Stop subsidizing harmful development
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Many of us have driven through coastal communities and looked admiringly at houses nestled close to the water. What we don’t often think about is the fact that many of these houses are built on land that often floods during heavy rains, and that this creates a dangerous situation — for the houses, the people who live there, the neighborhood businesses, the natural landscape, and the area wildlife.
Development in flood zones bordering rivers, oceans and lakes contributes to accelerated erosion that makes beaches disappear faster and endangers the animals that rely on coastal habitats. Roads built in flood zones can collapse when the soil they’re built on is swept away. Flood plain development also subjects people who live and work there to the threat of drowning, especially because even a few inches of water can sweep people off their feet.
The National Oceanic and Atmospheric Administration designated this week as National Flood Insurance Safety Awareness Week, and has reminded people that floods cause more deaths every year than any other weather related event. This year, NOAA adopted the motto “Turn around, and don’t drown” to encourage people not to walk or drive into a flooded area. However, building homes and businesses in flood zones increases the chances that people will have to walk or drive through flood waters, thus working at cross purposes to NOAA’s motto. NOAA’s warnings are important, but the best way to prevent this loss of life and property and damage to the environment is to stop building in these flood-prone areas.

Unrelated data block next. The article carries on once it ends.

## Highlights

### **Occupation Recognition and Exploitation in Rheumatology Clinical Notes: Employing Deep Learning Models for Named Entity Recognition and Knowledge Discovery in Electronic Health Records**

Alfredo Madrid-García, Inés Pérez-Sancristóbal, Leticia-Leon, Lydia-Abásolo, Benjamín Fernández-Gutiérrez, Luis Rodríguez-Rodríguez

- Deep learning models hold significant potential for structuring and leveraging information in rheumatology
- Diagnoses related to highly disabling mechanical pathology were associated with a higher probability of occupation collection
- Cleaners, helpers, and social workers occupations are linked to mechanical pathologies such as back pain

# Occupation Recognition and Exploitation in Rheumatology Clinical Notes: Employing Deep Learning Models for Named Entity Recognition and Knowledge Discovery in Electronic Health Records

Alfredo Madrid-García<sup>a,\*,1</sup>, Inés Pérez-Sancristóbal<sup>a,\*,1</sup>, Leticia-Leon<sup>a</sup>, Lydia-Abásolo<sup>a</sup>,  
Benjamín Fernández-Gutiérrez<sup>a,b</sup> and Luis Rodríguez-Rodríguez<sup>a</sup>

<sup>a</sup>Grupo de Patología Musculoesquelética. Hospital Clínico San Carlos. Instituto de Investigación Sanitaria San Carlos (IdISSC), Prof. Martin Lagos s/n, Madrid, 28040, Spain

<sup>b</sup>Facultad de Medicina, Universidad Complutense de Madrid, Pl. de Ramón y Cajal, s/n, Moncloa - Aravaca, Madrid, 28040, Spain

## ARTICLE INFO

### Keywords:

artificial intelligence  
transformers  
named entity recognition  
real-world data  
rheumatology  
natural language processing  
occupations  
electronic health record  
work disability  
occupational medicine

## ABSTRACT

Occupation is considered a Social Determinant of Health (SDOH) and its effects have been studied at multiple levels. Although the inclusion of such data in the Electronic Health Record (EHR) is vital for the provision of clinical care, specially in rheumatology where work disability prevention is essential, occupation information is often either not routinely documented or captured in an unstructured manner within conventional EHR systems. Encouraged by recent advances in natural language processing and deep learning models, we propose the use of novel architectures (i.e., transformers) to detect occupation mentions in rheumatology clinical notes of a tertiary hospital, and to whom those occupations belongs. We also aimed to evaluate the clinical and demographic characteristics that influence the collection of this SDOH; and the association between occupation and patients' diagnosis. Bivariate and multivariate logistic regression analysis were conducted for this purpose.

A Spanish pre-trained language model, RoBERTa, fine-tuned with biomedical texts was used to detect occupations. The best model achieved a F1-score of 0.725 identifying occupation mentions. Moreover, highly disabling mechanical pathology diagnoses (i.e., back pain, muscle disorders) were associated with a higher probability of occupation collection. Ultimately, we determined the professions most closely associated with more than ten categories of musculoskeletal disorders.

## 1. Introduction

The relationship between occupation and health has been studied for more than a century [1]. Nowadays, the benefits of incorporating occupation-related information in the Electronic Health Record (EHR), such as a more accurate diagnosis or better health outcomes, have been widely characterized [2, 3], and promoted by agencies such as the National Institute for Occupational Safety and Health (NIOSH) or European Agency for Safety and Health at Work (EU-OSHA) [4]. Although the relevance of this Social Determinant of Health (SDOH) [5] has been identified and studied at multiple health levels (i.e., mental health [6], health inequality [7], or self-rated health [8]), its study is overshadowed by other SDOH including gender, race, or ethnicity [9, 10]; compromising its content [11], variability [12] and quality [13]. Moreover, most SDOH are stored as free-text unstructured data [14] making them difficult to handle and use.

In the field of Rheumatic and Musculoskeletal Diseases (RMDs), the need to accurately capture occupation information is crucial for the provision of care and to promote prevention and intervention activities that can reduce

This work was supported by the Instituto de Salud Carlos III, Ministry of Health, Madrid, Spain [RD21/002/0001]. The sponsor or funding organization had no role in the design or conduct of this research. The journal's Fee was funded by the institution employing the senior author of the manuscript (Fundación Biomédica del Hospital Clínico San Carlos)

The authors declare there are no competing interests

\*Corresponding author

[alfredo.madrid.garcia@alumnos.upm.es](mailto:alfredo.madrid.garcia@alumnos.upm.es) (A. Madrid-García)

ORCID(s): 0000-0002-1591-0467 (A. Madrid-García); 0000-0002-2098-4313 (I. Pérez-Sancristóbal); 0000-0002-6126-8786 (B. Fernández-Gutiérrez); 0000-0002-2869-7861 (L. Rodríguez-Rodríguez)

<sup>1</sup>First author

Unfortunately, a Federal Emergency Management Agency program called the National Flood Insurance Program actually encourages people to build homes and businesses in these zones by subsidizing property owners’ flood insurance with taxpayer dollars. Since the program’s inception in 1968, building in flood zones has risen dramatically, spurred by artificially low insurance costs. This has damaged environmentally sensitive areas and has put people in harm’s way.
But this program isn’t just environmentally-destructive and dangerous to people – it’s also a financial disaster. NFIP is $17 billion dollars in debt, largely because the premiums paid by policy-holders are low relative to the level of risk they’re absorbing, and they don’t cover the payments the program makes. This debt will eventually have to be passed on to taxpayers, who have essentially assumed these property-owners’ risk. It’s not surprising that several GAO reports have concluded that NFIP is financially insolvent and must be reformed.
NFIP is up for reauthorization, but because this program endangers humans, harms the environment, and wastes taxpayer dollars, it needs to be reformed and phased out instead.